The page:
The Australian Defence Force (ADF) has used mefloquine for malaria chemoprophylaxis since 1990. Mefloquine has been found to be a plausible cause of a chronic central nervous system toxicity syndrome and a confounding factor in the diagnosis of existing neuropsychiatric illnesses prevalent in the ADF such as posttraumatic stress disorder and traumatic brain injury. Overall health risks appear to have been mitigated by restricting the drug's use; however serious risks were realised when significant numbers of ADF personnel were subjected to clinical trials involving the drug. The full extent of the exposure, health impacts for affected individuals, and consequences for ADF health management including mental health are not yet known, but mefloquine may have caused or aggravated neuropsychiatric illness in large numbers of patients who were subsequently misdiagnosed and mistreated or otherwise failed to receive proper care. Findings in relation to chronic mefloquine neurotoxicity were foreseeable, but this eventuality appears not to have been considered during risk-benefit analyses. Thorough analysis by the ADF would have identified this long-term risk as well as other qualitative risk factors. Historical exposure of ADF personnel to mefloquine neurotoxicity now also necessitates ongoing risk monitoring and management in the overall context of broader health policies. PMID:26793391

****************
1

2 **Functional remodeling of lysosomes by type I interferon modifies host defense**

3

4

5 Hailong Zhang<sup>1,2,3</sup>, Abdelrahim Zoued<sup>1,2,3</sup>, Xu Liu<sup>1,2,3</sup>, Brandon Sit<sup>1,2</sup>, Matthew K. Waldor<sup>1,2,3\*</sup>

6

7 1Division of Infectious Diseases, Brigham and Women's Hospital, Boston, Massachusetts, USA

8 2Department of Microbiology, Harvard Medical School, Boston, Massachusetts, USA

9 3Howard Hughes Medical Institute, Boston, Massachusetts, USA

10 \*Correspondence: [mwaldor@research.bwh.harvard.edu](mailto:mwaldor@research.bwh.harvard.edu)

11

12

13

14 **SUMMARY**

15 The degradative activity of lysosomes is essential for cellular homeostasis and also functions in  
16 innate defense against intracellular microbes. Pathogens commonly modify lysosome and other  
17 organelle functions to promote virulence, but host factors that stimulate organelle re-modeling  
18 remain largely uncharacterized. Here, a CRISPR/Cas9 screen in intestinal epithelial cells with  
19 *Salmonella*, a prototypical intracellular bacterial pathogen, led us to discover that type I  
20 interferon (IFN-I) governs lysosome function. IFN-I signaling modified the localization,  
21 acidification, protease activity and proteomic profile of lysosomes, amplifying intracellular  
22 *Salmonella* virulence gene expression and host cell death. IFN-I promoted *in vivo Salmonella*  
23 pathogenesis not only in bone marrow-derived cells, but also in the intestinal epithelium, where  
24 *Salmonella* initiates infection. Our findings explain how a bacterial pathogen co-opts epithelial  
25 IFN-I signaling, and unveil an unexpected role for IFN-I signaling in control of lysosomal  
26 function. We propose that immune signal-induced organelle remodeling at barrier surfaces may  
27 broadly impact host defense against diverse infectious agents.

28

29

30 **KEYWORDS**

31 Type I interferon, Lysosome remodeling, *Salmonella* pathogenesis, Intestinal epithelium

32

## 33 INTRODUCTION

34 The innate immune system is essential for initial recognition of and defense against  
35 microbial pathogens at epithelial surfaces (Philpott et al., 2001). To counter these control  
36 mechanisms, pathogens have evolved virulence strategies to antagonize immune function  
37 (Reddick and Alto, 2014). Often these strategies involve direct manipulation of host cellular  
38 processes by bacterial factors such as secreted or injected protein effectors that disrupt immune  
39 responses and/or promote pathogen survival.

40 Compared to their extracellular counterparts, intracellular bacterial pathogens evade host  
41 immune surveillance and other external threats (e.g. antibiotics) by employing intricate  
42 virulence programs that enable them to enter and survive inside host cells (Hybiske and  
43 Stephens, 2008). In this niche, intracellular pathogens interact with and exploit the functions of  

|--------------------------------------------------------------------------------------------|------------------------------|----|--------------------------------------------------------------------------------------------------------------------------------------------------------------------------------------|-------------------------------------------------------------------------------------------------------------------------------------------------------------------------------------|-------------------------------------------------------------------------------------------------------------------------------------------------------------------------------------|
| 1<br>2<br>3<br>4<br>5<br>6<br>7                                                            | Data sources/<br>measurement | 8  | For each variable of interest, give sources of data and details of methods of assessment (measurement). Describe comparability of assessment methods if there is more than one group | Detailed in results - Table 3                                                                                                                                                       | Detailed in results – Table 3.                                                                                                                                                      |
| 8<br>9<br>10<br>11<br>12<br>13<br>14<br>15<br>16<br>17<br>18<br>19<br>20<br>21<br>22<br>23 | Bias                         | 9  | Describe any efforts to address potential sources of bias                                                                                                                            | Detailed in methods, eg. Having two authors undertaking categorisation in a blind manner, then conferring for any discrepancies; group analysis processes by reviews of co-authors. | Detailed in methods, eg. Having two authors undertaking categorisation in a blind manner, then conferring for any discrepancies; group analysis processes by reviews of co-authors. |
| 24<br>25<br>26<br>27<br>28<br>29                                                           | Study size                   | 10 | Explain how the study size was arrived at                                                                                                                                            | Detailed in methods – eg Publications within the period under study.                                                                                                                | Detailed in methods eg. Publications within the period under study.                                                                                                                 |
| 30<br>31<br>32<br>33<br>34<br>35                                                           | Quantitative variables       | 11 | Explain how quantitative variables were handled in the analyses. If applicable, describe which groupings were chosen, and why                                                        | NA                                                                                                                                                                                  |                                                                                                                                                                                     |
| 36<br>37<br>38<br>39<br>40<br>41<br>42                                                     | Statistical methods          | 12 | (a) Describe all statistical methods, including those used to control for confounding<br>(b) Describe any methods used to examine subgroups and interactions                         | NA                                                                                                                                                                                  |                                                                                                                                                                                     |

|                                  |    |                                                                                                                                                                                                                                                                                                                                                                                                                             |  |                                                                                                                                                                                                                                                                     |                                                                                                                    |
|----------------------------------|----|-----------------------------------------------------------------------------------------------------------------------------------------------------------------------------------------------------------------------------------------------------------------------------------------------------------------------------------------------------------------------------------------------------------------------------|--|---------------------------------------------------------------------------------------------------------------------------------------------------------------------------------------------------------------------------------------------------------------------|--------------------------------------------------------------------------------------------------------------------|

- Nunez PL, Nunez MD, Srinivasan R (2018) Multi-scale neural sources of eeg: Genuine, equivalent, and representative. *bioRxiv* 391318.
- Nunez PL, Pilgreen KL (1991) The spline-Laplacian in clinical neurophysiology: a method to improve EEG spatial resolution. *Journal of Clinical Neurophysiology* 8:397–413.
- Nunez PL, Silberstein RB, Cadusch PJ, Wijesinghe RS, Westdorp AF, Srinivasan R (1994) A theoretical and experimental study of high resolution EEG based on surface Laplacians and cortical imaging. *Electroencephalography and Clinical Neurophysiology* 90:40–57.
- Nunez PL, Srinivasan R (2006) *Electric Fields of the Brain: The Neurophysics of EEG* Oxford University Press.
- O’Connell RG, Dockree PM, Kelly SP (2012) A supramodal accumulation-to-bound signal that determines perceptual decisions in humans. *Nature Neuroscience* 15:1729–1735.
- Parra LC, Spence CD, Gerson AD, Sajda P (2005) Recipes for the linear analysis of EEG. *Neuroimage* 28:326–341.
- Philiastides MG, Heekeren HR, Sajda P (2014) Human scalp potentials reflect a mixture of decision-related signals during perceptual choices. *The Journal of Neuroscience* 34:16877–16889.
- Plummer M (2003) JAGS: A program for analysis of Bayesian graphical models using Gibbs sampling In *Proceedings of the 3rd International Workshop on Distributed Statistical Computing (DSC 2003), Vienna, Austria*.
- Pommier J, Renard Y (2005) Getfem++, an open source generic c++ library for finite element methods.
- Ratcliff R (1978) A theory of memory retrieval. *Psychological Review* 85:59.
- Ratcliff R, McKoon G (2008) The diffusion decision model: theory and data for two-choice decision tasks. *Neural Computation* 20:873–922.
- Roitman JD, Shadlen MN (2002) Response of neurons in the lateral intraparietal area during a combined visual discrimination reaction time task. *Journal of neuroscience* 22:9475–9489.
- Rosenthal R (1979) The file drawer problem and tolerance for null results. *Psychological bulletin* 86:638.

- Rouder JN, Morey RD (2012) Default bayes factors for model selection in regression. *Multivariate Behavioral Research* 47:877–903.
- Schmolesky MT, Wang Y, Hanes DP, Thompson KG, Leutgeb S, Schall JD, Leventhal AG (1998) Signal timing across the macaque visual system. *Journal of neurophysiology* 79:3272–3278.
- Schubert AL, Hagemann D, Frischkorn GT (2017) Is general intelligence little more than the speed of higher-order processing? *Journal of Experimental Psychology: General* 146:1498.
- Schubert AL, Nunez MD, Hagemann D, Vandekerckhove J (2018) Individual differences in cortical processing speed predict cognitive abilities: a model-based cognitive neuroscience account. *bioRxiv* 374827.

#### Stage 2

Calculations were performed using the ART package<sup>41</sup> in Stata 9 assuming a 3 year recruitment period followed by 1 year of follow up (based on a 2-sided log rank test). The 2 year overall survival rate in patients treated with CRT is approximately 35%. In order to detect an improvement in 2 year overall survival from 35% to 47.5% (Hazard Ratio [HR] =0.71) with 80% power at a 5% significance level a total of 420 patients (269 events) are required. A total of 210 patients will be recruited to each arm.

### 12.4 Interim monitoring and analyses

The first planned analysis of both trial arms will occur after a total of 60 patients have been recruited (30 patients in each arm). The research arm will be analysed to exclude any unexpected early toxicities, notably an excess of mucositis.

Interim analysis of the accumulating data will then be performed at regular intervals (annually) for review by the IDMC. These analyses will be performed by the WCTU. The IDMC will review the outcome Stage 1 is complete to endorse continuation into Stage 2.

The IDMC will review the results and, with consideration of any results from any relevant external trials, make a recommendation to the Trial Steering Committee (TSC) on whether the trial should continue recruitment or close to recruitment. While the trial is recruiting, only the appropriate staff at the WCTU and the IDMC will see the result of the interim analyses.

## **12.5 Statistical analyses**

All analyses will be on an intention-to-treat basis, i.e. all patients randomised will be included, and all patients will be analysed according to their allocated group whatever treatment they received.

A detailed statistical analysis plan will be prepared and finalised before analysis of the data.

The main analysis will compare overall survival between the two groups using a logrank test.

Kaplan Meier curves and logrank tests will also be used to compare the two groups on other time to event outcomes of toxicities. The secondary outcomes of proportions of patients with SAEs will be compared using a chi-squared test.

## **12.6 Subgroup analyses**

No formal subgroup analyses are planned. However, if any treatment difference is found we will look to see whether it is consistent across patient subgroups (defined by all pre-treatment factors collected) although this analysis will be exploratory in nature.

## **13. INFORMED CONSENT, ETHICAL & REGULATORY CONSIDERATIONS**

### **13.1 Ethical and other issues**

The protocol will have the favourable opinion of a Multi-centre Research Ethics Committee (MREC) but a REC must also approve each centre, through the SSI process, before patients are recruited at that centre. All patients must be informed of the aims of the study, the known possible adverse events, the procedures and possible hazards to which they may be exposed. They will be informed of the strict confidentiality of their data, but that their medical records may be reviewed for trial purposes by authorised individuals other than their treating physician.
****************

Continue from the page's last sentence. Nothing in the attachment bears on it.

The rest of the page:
8. Neuropsychiatric and Behavioral Profiles of 2 Adults With Williams Syndrome: Response to Antidepressant Intake

    PubMed Central

    Urgeles, Diego; Alonso, Victoria

    2013-01-01